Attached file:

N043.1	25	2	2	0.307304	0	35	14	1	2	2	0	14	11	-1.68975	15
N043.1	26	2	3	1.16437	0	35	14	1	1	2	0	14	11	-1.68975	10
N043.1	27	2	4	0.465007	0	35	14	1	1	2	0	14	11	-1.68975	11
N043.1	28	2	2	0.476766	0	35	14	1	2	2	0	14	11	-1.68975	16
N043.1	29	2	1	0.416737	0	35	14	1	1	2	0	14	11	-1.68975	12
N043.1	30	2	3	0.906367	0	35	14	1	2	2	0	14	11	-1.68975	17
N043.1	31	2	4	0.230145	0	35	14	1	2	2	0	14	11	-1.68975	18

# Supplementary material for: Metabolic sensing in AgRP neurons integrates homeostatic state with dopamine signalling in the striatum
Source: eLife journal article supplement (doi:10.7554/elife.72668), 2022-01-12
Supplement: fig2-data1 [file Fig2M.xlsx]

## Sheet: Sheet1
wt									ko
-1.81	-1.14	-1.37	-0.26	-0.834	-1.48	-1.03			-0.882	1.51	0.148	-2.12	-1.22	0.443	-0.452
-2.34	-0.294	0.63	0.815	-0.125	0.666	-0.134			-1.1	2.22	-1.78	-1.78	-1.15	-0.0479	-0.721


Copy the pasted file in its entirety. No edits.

N043.1	25	2	2	0.307304	0	35	14	1	2	2	0	14	11	-1.68975	15
N043.1	26	2	3	1.16437	0	35	14	1	1	2	0	14	11	-1.68975	10
N043.1	27	2	4	0.465007	0	35	14	1	1	2	0	14	11	-1.68975	11
N043.1	28	2	2	0.476766	0	35	14	1	2	2	0	14	11	-1.68975	16
N043.1	29	2	1	0.416737	0	35	14	1	1	2	0	14	11	-1.68975	12
N043.1	30	2	3	0.906367	0	35	14	1	2	2	0	14	11	-1.68975	17
N043.1	31	2	4	0.230145	0	35	14	1	2	2	0	14	11	-1.68975	18

# Supplementary material for: Metabolic sensing in AgRP neurons integrates homeostatic state with dopamine signalling in the striatum
Source: eLife journal article supplement (doi:10.7554/elife.72668), 2022-01-12
Supplement: fig2-data1 [file Fig2M.xlsx]

## Sheet: Sheet1
wt									ko
-1.81	-1.14	-1.37	-0.26	-0.834	-1.48	-1.03			-0.882	1.51	0.148	-2.12	-1.22	0.443	-0.452
-2.34	-0.294	0.63	0.815	-0.125	0.666	-0.134			-1.1	2.22	-1.78	-1.78	-1.15	-0.0479	-0.721